“You breezed over it all, like the rest of you smug technophiles.”
“I only had a few minutes. And you could have asked a follow-up question…” The man smirked at him. “I bet you would have continued defending fossil fuels, smartphones, Wi-Fi, and all the rest.” Andrew didn’t know where that idea where the part about fossil fuels came from.
Emily tugged at his shirt sleeve. “I’m leaving.”
The man seemed like he was about to say something, but Andrew was on his way toward the door by the time the man could say ‘that’ and point a finger.
“Have you ever noticed this many stations being off the air at once?” Andrew didn’t know what else to say.
“They’re public radio Andrew. They probably ran out of money and got the power cut off”
Her monotone delivery made Andrew wonder if she were joking. Anyway, he tried another subject. “Can you see a crash or a street demonstration or something?” From the driver’s side of the car he could only see cars, motorcycles, and a few bikes. College-aged people were on the bikes, which was normal here close to a couple of colleges. A couple of cars in the road seemed to have been abandoned. This was in the lanes going the opposite direction.
“I’m checking the news.” He switched on the radio and loud rap music blared. He changed the station past loud rock, loud country, loud static, then NPR.” Emily reached over and turned the volume down a few notches.
They stopped again. “Story of My Life is next.” Andrew wanted to change the station. Then the discordant, static-y buzz of the emergency alert system came on.
“Oh shit Emily.” Andrew turned off the radio.
The car ahead crawled forward and edged around a parked car. It was a Nissan Leaf. It looked like no one was in it. Andrew took a look. Nope.
“Emily, how many abandoned cars have you seen tonight?” He glanced over at her in time to see her shoulders shrug. “I’m going to call someone. You just focus on driving.”
She got through but only to someone’s voice mail Andrew could hear the faint generic message. “I don’t know why I had to see if Mom’s mobile network was up.”
“You are being paranoid, to a reasonable degree.” If Emily liked the joke, she didn’t show it by laughing. Andrew shrugged mentally and told himself to work on his sardonic quips.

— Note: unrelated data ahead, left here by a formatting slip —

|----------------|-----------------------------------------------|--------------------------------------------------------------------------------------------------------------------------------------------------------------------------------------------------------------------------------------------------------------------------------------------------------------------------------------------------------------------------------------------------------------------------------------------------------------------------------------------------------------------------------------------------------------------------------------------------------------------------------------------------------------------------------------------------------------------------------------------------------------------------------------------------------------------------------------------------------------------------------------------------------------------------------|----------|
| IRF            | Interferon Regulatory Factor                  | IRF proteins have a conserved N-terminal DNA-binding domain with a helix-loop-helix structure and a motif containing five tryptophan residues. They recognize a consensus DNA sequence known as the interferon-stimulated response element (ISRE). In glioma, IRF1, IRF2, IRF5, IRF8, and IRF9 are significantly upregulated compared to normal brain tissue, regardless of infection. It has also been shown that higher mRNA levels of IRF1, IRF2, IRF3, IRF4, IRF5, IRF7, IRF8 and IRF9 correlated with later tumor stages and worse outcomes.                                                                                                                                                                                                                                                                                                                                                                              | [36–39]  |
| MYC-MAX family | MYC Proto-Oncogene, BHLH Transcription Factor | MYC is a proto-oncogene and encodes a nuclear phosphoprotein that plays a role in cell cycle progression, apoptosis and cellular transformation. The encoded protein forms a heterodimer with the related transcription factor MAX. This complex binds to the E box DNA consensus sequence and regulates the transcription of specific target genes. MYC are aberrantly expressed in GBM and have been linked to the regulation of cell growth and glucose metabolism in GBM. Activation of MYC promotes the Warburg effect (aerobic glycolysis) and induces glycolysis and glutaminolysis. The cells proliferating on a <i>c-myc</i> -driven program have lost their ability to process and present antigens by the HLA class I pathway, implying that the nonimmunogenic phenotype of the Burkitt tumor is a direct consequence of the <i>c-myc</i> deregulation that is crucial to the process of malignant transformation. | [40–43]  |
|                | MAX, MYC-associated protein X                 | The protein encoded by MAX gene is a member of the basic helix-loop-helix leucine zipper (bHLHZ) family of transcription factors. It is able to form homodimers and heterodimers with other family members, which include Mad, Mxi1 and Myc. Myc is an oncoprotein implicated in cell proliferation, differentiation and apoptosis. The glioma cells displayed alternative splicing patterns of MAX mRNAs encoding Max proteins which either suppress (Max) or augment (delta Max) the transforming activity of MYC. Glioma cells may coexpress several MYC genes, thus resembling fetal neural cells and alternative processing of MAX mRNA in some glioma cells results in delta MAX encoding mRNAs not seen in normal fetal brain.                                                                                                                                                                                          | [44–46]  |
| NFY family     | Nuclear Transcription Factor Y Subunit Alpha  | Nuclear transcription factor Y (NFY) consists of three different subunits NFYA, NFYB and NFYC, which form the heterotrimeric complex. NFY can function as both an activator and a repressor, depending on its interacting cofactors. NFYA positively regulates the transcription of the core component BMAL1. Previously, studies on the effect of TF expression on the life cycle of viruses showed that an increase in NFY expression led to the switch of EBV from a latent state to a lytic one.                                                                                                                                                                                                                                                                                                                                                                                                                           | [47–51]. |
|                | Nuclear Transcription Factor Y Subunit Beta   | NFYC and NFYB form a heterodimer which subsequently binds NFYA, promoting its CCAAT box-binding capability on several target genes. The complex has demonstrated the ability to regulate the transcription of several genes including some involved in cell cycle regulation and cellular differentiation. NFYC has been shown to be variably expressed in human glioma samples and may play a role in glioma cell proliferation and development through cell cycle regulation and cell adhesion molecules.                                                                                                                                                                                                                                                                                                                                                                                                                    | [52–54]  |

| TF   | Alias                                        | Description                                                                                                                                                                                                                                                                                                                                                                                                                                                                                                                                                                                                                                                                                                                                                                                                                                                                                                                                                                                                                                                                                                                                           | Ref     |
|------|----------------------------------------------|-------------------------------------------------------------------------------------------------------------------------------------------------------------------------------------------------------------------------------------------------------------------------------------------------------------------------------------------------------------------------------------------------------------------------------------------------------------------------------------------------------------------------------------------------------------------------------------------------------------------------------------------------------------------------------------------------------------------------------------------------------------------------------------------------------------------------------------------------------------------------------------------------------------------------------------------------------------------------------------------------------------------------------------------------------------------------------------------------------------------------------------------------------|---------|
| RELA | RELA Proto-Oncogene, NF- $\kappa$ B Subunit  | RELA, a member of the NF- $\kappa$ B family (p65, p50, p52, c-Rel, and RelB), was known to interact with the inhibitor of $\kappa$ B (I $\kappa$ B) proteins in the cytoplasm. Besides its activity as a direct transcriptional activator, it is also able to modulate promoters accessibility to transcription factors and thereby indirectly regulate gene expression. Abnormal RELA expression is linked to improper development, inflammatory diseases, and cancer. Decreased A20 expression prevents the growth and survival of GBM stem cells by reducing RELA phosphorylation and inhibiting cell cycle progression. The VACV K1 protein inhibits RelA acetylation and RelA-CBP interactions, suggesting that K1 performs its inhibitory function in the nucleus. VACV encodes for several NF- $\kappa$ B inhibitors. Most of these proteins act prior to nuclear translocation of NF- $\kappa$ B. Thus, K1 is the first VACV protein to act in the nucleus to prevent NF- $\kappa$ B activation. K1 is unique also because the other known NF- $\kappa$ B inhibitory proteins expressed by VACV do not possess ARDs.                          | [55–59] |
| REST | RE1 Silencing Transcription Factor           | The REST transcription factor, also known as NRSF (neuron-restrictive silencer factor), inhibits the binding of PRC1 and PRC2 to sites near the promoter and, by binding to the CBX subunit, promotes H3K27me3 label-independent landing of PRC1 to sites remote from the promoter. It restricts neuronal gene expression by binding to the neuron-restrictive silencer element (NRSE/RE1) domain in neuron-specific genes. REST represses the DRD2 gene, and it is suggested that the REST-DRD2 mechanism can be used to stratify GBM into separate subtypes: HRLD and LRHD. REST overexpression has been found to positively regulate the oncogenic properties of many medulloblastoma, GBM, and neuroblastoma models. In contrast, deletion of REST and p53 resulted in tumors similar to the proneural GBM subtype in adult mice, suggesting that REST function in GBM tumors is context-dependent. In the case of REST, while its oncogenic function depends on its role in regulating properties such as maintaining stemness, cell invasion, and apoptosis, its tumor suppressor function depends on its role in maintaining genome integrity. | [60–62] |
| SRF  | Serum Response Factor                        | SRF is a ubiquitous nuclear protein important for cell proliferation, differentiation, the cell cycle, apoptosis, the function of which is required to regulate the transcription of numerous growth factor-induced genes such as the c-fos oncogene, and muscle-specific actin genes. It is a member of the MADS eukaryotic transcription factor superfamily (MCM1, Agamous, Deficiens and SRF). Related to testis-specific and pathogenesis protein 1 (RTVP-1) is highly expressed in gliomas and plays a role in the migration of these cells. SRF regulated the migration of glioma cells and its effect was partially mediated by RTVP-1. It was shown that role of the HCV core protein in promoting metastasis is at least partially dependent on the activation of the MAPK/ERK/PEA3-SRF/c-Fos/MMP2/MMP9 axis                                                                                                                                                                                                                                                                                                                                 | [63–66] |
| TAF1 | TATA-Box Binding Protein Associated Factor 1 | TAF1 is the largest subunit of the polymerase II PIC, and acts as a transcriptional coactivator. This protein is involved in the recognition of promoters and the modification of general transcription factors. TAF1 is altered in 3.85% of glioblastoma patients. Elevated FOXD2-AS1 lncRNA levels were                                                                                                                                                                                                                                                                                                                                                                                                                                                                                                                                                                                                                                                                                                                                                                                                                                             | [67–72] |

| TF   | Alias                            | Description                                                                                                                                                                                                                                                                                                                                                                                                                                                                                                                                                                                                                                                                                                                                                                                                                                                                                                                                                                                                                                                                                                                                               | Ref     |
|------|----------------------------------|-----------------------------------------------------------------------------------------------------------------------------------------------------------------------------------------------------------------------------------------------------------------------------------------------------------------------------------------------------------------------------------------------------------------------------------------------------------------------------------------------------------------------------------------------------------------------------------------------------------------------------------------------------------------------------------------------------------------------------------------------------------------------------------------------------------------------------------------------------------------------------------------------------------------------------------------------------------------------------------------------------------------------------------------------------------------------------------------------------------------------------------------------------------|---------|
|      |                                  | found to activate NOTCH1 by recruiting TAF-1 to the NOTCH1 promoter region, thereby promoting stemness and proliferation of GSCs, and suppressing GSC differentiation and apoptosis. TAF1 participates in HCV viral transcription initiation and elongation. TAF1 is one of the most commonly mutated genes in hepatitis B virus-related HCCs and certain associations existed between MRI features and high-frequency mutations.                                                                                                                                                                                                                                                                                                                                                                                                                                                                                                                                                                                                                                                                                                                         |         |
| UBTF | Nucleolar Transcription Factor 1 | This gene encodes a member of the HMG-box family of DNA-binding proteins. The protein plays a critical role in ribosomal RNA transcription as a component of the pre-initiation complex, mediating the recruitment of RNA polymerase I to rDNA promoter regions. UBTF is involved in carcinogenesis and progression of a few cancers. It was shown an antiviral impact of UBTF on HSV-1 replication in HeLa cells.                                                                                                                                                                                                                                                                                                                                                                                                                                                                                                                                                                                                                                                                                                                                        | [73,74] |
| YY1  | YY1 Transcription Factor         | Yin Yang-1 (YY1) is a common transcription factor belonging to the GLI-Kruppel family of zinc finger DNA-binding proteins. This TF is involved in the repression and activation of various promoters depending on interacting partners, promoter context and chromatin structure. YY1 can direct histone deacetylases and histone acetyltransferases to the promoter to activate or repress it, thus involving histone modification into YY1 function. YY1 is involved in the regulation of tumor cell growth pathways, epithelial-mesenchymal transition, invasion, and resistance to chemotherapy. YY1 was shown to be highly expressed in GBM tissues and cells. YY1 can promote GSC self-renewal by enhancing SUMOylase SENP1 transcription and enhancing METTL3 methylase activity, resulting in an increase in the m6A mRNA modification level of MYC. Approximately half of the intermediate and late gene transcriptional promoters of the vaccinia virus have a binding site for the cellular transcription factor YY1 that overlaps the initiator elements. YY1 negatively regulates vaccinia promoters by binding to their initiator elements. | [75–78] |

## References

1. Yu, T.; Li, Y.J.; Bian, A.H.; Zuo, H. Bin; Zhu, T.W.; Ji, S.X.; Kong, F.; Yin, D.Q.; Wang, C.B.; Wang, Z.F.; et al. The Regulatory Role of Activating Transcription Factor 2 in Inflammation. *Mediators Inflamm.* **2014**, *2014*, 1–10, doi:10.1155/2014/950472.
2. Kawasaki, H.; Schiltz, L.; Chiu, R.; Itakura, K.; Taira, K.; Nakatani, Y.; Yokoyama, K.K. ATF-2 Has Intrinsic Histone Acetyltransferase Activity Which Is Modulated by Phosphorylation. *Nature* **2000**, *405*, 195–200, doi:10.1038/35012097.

The radio announcer said something about seven states declaring states of emergency. “The RCMP Web site announced that they will no longer use radios or the Web last night. Phone calls to RCMP headquarters are not being answered. Something beyond an anti-technology fad is going on here. We are...” and Emily turned off the radio.
Travis James “Captain” Blake woke up at 6:05 as he always did. He dressed at once in jeans and a polo shirt, as he always did. Blake was a man who valued discipline and routine, even 12 years out of the Army, some of the old habits remained. He went to the kitchen for breakfast and a cup of cheap coffee. While eating his banana and breakfast sandwich, he watched a little of the news.
The local news recapped a press conference with the chief of police yesterday afternoon. The gist was that city officials were losing control of the streets. This was obvious. “Where the hell is the governor?” He wanted the Governor to the get the National Guard involved, today. But he knew it wouldn’t happen. The state government was hidebound and slowed he thought. That was better than being liberal and soft like the officials here in Robertson. Still, he assumed law-abiding locals would be on their own.
It was 7:05. Time to leave for the bus stop, perhaps for the last day. Blake was looking forward to getting his truck back.
Emily had decided not to stay with him last night. He was at home in the morning, looking up some journal articles and writing an taking notes. At about 9:00 am, Emily texted him.
Power’s off at the university.
Seriously. What about your place?